If this was additional capital funding it would be welcome, but it isn't. It's being funded by cutting departmental revenue budgets (Scotland is a department in UK terms) by 1% next year and then by 2% the year after. This means we get a one off boost at the expense of a recurring revenue cut.

It is at least arguable that at this stage of the economic cycle what we need is revenue not capital spending. Capital spending has significant leakages from Scotland. The contracts may go to firms outside Scotland and even staffed by workers who are brought up here. Materials are purchased outwith Scotland, like Chinese steel for the Forth Bridge, leaking more of the spend. Even the tax revenue is not guaranteed given tax avoidance schemes in the construction industry.

In contrast, revenue spending on public services is much more likely to be spent in the local economy and drive the demand deficit that is the major economic problem we face. The Chancellor has added to this problem with his additional cuts to welfare provision.

That leads to how the 'extra' cash should be spent. I would argue that because of the revenue cut, shovel ready projects may be the wrong spending decision. The cash should be spent on projects that deliver preventative spending, thereby reducing demand on the revenue budgets that now face a further cut.

As always with this Chancellor good news comes at a price. But it also comes with a headache for the Scottish Government.

Monday, 3 December 2012

Lefty Englishmen

In yesterday’s Scotland on Sunday I have been described as, “officially Scotland’s leftiest Englishman”. I must have missed this awards ceremony although I have no difficulty with the accolade, even if it is probably undeserved. Firstly, I presume the award is limited to the mainstream left, as I can already hear the growling from the far left fringe for whom I am a mere bourgeois revisionist. Secondly, I was born in England (Liverpool actually) and have no problem in being classified as English – although the Watsons on my Dad’s Scottish side would not be so relaxed! Thirdly, I can think of a number of comrades who would also be justified contenders for this award - Richard Leonard, Dave Moxham, John Foster and others immediately spring to mind.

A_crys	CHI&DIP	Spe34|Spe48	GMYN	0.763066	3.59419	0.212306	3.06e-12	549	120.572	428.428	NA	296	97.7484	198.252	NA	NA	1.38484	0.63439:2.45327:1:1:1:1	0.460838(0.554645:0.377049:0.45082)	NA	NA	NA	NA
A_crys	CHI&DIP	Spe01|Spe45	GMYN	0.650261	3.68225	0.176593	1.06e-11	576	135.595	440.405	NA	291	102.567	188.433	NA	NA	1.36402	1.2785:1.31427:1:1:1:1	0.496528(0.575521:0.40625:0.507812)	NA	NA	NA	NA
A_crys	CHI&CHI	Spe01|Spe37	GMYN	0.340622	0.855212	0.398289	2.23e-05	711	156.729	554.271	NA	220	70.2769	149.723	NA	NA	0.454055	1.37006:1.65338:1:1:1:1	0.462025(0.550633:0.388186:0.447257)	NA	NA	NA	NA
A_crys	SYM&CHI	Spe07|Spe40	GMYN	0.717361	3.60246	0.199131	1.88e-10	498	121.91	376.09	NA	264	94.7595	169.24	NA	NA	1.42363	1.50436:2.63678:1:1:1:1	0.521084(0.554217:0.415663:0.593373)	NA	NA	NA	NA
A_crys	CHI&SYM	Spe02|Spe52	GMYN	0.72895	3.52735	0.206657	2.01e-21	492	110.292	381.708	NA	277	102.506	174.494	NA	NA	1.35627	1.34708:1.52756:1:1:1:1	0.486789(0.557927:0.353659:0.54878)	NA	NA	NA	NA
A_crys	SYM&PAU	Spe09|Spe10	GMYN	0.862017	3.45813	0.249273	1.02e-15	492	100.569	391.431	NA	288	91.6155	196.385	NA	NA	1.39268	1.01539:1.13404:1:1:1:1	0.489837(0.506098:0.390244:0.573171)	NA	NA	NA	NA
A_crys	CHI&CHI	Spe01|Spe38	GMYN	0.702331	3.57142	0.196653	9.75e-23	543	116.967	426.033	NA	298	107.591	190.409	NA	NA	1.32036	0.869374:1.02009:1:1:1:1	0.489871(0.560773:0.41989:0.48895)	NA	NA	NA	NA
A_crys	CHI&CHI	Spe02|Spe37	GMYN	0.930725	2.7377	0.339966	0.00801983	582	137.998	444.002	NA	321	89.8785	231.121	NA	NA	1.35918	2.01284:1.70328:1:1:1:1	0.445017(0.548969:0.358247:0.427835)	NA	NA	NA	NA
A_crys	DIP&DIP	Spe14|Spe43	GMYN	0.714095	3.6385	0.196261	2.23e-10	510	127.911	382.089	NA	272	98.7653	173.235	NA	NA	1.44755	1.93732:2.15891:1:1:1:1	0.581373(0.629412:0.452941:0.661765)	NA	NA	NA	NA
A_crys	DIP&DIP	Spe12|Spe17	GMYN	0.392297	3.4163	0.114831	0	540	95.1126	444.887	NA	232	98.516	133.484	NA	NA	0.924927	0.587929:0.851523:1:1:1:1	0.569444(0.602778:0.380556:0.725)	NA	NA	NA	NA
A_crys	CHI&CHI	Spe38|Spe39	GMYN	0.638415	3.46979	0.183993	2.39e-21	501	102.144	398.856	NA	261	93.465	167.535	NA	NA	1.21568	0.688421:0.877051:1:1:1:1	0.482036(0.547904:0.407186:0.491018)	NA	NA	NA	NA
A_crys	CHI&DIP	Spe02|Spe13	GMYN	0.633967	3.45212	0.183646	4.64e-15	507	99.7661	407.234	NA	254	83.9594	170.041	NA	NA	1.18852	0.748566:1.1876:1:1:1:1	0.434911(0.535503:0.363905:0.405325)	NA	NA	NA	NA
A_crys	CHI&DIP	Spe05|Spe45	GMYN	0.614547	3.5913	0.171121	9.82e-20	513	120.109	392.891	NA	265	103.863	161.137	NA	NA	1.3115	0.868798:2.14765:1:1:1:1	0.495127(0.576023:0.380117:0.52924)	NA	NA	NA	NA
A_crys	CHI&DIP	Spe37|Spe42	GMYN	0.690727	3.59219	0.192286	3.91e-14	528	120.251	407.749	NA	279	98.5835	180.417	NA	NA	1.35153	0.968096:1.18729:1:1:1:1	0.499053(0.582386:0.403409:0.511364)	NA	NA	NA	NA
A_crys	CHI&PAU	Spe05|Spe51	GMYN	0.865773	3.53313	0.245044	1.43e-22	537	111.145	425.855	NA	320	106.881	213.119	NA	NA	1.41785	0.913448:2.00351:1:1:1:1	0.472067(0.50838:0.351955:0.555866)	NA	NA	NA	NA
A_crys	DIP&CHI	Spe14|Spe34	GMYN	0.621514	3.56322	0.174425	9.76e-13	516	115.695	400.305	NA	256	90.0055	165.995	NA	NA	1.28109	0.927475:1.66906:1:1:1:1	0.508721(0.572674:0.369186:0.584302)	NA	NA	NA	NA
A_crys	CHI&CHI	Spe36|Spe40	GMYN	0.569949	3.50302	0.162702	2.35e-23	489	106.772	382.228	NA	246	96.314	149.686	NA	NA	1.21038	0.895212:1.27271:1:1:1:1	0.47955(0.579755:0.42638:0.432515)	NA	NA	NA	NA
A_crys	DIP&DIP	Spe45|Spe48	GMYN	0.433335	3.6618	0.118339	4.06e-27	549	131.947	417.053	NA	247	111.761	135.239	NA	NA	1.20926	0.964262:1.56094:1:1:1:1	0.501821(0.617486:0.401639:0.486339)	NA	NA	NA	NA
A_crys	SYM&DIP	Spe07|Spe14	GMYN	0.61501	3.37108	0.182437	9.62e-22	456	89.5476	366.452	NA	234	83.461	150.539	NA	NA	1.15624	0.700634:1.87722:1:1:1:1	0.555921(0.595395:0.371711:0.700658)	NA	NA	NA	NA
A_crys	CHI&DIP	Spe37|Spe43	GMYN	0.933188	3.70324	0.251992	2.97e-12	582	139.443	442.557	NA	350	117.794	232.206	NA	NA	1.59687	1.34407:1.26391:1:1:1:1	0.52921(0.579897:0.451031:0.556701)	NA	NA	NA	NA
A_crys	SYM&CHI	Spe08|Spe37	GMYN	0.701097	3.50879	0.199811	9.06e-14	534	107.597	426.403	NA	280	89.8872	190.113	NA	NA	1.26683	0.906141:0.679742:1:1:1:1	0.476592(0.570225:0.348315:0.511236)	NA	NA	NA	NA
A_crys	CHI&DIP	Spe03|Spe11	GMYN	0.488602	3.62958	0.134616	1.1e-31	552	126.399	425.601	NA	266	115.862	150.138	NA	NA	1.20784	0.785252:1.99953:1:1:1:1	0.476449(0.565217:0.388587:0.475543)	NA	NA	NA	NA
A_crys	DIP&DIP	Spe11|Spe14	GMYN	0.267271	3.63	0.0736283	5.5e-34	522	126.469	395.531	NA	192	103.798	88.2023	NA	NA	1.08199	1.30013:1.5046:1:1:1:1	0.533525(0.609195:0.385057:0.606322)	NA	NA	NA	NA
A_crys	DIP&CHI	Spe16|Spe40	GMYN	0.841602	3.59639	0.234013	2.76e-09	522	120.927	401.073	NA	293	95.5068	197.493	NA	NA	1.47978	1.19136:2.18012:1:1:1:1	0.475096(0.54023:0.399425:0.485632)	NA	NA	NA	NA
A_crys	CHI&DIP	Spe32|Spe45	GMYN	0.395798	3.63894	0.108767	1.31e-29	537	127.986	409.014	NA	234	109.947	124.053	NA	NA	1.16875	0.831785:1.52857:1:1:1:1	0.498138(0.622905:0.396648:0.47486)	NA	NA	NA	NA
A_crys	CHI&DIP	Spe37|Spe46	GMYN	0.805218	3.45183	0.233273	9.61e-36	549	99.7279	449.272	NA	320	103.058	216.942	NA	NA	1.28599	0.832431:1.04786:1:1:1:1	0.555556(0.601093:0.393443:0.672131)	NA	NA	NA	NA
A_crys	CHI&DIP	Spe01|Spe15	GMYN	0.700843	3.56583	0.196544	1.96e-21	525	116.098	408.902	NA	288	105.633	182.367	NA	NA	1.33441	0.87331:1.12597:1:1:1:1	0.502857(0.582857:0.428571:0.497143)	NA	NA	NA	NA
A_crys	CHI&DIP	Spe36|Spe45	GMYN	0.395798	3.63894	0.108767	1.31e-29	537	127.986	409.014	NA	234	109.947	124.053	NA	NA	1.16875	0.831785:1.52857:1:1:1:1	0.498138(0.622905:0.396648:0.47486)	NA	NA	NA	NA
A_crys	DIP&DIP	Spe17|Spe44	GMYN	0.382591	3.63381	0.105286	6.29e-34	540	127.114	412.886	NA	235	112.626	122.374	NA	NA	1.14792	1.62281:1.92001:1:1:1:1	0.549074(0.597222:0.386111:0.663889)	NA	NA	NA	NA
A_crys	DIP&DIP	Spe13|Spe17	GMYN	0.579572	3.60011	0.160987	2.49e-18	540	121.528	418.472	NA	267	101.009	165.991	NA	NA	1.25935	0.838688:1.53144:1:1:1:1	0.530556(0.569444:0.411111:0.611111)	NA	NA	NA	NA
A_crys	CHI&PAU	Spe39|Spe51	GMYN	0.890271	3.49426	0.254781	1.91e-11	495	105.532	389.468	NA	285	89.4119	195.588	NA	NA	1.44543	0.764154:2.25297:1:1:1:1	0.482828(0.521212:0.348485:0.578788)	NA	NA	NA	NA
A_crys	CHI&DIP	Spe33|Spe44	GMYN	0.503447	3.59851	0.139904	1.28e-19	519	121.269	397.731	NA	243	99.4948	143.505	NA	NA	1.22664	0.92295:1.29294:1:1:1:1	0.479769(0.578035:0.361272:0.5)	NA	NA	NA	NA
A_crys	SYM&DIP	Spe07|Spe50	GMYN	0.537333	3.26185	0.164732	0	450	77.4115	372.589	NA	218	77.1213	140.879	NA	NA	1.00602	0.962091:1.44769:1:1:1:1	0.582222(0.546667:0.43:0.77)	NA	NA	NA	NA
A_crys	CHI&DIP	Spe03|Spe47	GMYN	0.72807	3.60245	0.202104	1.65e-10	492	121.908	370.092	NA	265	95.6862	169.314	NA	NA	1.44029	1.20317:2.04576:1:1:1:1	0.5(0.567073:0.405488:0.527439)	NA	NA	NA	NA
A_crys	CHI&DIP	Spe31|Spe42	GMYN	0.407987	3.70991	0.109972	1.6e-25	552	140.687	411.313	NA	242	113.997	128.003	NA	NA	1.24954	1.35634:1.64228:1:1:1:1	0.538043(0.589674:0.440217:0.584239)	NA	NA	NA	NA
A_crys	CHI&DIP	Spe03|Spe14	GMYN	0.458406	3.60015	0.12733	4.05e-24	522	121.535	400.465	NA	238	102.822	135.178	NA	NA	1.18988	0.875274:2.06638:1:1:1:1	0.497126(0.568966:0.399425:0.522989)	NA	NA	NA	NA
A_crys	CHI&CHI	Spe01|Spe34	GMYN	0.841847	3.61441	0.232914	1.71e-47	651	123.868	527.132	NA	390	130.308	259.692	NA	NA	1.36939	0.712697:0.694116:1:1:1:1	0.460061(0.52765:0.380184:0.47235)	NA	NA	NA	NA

The semi-serious point in the piece is the suggestion that I have become a supporter of Devo-Plus. Wishful thinking here I’m afraid. I certainly did give a favourable review to Murdo Fraser’s piece in the Scotsman, and as I have blogged at Red Paper, the last two papers from Devo-Plus have been a useful contribution to the debate. I do think Devo-Plus have done some useful work on the mechanisms of extended devolution, but less so on the purpose. However, that is some distance from endorsing Devo-Plus and certainly their backers Reform Scotland. My critical posts on their reports prove that. Another Scotsman piece by Eddie Barnes more accurately reflects where I, and most, but not all of trade union movement in Scotland, currently are in the constitutional debate.